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Identification of fluid inclusion daughter minerals using Gandolfi X-ray techniques
Department of Geosciences State University University Park, Pennsylvania 16802
The Pennsylvania Abstract Unequivocal identifications of individual daughter minerals extracted from fluid inclusions have been obtained using rnicrotechniques in conjunction with the Gandolfi X-ray camera. This development represents a major advance in fluid inclusion research because solid phases from preselected fluid inclusions may now be routinely and unambiguously identified. Application of this technique allows the worker to not only measure the homogenization and freezing temperatures of a fluid inclusion of known origin but also to identify any daughter minerals that might be present in the same inclusion, provided that these phases are recognizable both before and after heating/freezing tests, and that the heating/freezing tests have not affected the daughter phases. This procedure yields considerably more information about the physical and chemical conditions attending mineral deposition than is presently available from conventional fluid inclusion analyses.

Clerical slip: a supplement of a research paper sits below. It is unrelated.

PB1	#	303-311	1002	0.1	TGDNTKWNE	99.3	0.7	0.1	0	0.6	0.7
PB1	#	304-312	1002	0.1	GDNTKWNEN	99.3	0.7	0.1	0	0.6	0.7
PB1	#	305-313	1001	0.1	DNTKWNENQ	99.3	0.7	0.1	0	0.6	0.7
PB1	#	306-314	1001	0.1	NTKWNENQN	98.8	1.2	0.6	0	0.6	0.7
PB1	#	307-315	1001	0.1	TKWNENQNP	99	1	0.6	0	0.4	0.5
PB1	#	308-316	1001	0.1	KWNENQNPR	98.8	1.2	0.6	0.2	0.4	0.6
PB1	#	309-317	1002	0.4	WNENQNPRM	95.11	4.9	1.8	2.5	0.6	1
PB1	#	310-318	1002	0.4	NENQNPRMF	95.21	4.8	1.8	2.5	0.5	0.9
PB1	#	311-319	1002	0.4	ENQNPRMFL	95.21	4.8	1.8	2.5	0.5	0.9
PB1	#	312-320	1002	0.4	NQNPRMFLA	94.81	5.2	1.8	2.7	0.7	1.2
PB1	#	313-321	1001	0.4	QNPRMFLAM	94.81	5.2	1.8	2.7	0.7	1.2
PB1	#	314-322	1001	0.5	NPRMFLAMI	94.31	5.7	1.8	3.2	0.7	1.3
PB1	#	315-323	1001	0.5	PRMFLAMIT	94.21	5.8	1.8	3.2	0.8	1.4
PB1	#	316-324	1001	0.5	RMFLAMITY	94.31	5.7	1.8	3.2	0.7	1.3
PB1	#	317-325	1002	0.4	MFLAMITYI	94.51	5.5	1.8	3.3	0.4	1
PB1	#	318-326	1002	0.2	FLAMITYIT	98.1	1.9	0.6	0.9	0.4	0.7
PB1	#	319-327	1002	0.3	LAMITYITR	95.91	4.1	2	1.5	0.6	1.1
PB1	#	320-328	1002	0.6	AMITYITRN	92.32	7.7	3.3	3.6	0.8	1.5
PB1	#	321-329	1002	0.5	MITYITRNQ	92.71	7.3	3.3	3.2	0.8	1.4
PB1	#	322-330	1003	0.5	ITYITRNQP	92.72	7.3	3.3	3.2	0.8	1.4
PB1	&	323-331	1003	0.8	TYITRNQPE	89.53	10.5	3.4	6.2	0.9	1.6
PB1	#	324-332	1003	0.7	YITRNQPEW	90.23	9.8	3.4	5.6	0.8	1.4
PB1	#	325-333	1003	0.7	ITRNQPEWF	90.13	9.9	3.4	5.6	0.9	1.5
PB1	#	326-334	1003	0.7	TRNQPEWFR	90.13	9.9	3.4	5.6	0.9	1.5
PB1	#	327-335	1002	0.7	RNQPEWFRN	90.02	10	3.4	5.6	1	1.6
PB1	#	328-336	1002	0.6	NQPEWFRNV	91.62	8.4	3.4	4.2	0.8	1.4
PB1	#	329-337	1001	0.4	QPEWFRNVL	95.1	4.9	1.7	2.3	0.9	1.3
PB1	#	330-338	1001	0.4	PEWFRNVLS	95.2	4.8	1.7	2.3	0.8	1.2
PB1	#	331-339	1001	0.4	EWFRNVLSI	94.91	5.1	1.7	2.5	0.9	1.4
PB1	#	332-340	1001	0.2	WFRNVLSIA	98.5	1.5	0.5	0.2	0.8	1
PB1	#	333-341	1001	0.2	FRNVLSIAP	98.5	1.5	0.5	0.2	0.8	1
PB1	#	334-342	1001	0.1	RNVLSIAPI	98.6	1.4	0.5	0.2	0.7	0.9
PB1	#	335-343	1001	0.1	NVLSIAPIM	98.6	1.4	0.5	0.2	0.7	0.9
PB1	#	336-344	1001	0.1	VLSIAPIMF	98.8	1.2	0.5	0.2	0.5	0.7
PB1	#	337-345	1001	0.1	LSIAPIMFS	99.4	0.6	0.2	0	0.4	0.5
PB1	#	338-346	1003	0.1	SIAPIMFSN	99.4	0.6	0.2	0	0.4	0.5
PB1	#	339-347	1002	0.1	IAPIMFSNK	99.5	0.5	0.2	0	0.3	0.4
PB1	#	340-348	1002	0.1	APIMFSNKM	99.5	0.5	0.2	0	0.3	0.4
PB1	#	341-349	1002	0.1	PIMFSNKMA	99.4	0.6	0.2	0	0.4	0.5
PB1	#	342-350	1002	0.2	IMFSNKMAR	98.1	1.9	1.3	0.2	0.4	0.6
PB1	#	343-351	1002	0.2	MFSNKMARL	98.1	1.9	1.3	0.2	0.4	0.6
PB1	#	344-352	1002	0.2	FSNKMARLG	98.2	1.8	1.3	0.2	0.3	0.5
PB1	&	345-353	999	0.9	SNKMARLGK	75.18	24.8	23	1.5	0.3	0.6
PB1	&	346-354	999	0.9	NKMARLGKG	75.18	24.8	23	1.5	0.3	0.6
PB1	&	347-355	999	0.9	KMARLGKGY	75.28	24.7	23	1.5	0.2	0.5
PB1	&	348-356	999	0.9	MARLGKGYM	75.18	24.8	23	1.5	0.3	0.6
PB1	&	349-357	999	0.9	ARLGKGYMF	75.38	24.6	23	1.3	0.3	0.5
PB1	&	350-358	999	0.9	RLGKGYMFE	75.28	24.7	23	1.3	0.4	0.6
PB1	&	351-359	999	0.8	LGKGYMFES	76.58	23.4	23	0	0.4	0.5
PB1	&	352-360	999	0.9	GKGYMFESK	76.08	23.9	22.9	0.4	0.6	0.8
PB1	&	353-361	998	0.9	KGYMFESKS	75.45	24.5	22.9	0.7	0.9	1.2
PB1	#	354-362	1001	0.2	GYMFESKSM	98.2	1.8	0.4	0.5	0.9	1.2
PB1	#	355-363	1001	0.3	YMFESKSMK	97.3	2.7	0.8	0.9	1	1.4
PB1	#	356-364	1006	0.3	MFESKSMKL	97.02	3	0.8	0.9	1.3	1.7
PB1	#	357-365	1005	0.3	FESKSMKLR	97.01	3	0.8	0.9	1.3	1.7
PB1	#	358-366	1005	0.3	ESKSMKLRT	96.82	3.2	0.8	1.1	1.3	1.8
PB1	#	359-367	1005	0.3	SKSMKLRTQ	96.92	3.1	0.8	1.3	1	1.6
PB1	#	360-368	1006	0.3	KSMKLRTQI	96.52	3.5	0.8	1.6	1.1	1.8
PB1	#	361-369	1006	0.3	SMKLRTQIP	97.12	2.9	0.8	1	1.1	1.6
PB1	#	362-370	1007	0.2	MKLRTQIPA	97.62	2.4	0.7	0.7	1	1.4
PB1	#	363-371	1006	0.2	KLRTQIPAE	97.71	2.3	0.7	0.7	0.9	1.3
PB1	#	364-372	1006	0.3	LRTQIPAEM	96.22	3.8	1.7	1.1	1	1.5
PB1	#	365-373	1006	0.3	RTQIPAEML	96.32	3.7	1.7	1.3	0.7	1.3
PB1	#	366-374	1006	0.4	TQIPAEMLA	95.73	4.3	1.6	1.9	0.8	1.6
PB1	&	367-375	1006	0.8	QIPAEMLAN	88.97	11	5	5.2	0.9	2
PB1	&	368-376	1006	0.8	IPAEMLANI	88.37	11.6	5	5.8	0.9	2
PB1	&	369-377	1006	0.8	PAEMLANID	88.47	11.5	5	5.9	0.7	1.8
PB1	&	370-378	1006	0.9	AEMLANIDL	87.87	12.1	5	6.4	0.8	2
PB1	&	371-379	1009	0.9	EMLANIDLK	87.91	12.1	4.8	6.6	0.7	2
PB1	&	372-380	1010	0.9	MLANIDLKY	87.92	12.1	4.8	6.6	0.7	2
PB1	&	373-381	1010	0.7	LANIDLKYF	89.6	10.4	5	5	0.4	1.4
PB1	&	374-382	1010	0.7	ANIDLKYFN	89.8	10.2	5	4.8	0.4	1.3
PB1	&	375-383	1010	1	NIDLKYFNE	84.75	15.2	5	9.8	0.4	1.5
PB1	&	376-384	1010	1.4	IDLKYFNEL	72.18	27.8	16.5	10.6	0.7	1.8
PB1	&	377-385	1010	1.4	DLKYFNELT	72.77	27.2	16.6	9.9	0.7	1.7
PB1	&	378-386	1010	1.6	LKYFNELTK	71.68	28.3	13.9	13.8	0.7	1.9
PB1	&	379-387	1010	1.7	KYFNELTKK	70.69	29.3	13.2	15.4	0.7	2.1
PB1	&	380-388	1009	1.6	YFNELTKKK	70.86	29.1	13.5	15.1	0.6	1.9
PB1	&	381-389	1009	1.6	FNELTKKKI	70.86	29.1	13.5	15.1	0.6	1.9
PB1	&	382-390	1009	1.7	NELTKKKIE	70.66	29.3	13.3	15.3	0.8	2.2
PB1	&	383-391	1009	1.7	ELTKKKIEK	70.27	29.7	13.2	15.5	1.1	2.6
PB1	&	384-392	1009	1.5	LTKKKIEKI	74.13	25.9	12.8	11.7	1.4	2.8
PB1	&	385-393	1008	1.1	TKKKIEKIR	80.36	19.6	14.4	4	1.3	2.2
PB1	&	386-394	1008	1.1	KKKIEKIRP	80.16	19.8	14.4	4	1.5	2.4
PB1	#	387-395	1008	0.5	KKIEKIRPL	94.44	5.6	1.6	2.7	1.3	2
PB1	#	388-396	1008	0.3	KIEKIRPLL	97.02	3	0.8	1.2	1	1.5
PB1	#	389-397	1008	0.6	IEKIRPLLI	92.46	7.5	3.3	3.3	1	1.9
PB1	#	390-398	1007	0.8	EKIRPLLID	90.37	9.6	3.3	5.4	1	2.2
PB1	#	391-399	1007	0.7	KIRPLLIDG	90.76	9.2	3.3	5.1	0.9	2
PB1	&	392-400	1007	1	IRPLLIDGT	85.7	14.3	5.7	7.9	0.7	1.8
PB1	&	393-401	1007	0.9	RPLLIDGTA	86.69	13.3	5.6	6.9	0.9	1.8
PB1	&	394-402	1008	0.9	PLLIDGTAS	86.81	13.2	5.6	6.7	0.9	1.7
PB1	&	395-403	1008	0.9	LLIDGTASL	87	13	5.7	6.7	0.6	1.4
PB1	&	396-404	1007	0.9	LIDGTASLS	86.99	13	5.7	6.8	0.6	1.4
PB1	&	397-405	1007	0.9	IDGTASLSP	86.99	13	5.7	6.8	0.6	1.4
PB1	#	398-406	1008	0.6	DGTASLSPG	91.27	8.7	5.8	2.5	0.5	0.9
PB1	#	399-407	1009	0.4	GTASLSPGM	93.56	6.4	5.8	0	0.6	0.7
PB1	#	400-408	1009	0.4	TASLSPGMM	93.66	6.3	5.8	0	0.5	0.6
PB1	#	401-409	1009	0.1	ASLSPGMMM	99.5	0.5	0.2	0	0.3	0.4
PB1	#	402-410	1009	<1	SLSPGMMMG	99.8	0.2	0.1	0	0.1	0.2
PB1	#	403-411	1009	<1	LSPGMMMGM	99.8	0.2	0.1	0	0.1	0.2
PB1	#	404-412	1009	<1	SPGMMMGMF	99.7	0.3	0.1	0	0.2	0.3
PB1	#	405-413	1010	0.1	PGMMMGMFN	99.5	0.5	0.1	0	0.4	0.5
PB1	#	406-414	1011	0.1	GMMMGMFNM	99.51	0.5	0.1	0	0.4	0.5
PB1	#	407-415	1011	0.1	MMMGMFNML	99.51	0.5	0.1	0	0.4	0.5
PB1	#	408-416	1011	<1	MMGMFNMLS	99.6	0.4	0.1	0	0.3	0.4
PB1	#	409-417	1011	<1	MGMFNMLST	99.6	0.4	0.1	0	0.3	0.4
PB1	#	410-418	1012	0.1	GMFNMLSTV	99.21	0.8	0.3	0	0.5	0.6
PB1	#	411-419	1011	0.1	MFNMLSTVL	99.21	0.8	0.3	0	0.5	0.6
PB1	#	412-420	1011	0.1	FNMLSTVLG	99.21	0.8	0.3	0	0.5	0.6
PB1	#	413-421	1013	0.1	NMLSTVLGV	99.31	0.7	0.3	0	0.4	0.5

Introduction Fluid inclusions are samples of the fluids from which the host crystal grew or samples offluids that engulfed the crystal at some time after its formation. Because these inclusions are actual samples of the mineralizing fluids, valuable information on the chemical conditions attending mineralization may be obtained if the composition of the inclusions can be determined. This, of course, requires determinetion not only of the fluid composition but also of the composition of all solid phases. i.e., daughter minerals, that have precipitated from that solution. Fluid inclusion daughter minerals are most often identified from their optical and physical properties. Although rapid and nondestructive, this procedure permits only a few daughter minerals to be identitied with certainty. Color change following X-ray irradiation has been used to characterize daughter crystals (Vorob'ev and Lozhkin, 1976) but is applicable to only a few minerals (e.g., halite, sylvite, and villaumite) and, even for these species, is not totally diagnostic. In recent years, the SEM and electron microprobe have been used extensively for identification of fluid inclusion daughter phases (e.g., Metzger et al., 1977), but these techniques do not allow for preselection of fluid inclusions to be examined, eliminating the possibility of obtaining